In this question, it is established that Thieves' Cant is more of an encoding system built on top of a language than a language in its own right.

According to the Basic Rules, Thieves' Cant is:

...a secret mix of dialect, jargon and code allows you to hide messages in seemingly normal conversation. Only another creature that knows thieves' cant understands such messages. It takes four times longer to convey such a message than it does to speak the same idea plainly.

In addition, you understand a set of secret signs and symbols used to convey short, simple messages, such as whether an area is dangerous or the territory of a thieves' guild, whether loot is nearby, or whether the people in an area are easy marks or will provide a safe house for thieves on the run. (PBR, p. 27)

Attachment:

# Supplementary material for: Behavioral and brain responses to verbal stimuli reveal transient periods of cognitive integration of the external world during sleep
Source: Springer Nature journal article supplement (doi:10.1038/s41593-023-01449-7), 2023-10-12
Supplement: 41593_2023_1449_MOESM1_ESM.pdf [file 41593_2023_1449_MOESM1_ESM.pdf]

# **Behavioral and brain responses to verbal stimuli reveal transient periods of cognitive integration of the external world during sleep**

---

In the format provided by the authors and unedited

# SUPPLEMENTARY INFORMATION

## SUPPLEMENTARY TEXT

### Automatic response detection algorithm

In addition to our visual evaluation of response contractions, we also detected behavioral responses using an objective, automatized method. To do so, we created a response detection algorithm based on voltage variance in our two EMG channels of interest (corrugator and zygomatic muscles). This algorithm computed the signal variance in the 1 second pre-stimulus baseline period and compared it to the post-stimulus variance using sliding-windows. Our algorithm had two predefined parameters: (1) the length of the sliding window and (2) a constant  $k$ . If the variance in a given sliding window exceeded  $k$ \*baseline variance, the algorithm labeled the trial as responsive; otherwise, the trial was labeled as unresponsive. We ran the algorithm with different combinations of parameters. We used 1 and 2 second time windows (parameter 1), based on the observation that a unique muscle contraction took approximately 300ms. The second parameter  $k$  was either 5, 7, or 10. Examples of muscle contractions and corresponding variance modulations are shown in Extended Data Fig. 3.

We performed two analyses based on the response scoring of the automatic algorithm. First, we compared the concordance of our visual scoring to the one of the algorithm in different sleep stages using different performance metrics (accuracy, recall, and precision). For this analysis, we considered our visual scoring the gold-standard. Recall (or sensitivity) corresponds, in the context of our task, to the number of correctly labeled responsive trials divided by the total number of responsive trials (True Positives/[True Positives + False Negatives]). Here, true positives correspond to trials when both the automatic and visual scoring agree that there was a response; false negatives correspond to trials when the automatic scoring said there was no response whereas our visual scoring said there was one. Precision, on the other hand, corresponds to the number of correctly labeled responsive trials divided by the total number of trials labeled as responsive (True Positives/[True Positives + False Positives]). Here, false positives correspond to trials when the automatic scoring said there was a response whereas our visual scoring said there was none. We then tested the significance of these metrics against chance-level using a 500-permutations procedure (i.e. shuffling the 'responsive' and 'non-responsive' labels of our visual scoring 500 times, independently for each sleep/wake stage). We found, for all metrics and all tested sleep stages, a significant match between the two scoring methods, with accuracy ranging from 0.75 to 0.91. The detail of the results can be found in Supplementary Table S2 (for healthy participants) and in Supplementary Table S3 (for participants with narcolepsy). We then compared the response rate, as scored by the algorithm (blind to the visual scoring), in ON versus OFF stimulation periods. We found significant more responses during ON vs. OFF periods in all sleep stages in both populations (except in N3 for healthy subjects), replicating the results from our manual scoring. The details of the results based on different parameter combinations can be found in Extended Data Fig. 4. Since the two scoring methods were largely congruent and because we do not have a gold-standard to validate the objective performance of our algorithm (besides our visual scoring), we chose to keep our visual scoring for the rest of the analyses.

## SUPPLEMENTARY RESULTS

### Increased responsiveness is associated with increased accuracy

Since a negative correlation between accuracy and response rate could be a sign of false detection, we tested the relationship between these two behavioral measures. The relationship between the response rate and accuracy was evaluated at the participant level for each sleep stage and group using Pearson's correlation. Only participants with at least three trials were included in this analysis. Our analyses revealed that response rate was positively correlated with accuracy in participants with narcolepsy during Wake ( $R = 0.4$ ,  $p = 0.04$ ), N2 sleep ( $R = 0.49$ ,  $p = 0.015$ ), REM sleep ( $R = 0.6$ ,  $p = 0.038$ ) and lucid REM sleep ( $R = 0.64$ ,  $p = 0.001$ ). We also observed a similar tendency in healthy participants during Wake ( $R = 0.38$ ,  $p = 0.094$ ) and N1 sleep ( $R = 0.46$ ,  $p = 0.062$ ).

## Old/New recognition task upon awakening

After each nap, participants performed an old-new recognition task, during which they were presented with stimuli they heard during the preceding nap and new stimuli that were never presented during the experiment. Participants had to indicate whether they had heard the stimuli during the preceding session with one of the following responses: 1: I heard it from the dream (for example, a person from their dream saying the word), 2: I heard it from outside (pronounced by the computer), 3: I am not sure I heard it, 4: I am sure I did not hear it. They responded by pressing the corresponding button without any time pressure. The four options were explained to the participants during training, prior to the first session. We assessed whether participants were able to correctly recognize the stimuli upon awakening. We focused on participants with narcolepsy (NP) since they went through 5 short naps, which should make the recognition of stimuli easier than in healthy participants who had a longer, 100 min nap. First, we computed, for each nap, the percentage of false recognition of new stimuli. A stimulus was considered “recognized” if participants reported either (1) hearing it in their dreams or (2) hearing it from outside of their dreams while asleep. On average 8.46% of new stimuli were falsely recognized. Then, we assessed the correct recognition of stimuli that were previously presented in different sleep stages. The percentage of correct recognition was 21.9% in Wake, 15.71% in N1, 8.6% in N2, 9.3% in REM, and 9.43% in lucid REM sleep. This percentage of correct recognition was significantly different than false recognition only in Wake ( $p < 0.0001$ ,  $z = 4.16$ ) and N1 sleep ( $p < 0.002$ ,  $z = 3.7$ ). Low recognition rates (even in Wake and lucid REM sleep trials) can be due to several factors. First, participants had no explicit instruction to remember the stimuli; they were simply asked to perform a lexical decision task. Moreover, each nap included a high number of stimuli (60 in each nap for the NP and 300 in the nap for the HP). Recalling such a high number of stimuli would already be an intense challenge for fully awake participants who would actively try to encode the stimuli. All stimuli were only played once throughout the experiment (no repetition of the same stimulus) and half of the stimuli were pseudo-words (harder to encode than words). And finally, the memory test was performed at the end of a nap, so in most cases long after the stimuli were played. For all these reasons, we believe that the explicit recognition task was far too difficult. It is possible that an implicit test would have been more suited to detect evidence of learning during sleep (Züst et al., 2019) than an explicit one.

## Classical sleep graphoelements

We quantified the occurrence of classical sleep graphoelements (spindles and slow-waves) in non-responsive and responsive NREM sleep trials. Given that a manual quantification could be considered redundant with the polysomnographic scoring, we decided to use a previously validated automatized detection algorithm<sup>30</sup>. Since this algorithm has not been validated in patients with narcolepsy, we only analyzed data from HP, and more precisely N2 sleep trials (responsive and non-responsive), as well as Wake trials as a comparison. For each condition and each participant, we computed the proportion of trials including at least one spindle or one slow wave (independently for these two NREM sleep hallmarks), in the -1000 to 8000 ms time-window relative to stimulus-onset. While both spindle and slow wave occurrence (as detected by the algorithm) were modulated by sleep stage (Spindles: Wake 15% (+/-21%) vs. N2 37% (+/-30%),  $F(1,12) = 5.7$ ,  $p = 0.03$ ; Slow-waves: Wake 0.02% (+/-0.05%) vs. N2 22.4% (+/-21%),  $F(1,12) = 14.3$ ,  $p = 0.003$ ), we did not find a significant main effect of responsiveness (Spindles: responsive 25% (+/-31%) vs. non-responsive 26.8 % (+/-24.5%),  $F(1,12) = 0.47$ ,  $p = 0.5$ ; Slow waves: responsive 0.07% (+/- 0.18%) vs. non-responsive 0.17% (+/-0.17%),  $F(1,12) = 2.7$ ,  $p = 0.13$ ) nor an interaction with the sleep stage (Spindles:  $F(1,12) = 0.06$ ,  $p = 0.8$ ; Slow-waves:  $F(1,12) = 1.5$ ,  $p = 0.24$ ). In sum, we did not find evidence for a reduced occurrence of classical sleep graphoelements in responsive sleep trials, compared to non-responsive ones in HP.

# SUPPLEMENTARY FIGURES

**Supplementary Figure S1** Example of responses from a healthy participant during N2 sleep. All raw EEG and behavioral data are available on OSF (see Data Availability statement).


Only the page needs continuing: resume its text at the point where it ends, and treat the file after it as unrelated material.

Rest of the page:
Can two creatures communicate using Thieves' Cant if they do not have a basic spoken language in common, or if they are speaking different basic languages? E.g. if one creature knows Orcish, Goblin, and Thieves' Cant, and another creature knows Elvish, Giant, Common, and Thieves' Cant, can they communicate with each other by embedding Thieves' Cant into their own languages?

Hypothetically speaking, I can see how this could be possible in our own world, if we assume that Thieves' Cant depends on nuances of body language, emphasis, and tempo, e.g., one might say to a non-Spanish speaker:

Tenemos quEEEEEEE ir (wink) a la tieeeeenda de (shuffle left foot) armas para (twirl hair and giggle) comprar una espada (wink twice) para mi herMANO (wag right pinky and nod).

The literal message itself ("We need to go to the weapon store to buy a sword for my brother.") would just be a carrier - the real message might be hidden within the gestures and the accented and extended syllables. Perhaps the drawn-out "E" vowel means "robbery planned", the wink means "bank", shuffling the left foot means "be there at sunset", etc., and these are things that you wouldn't necessarily need to know Spanish to extract.

Is this how Thieves' Cant actually works, or does it require actual comprehension of the literal message transmitted before the "secret" message can be extracted from it?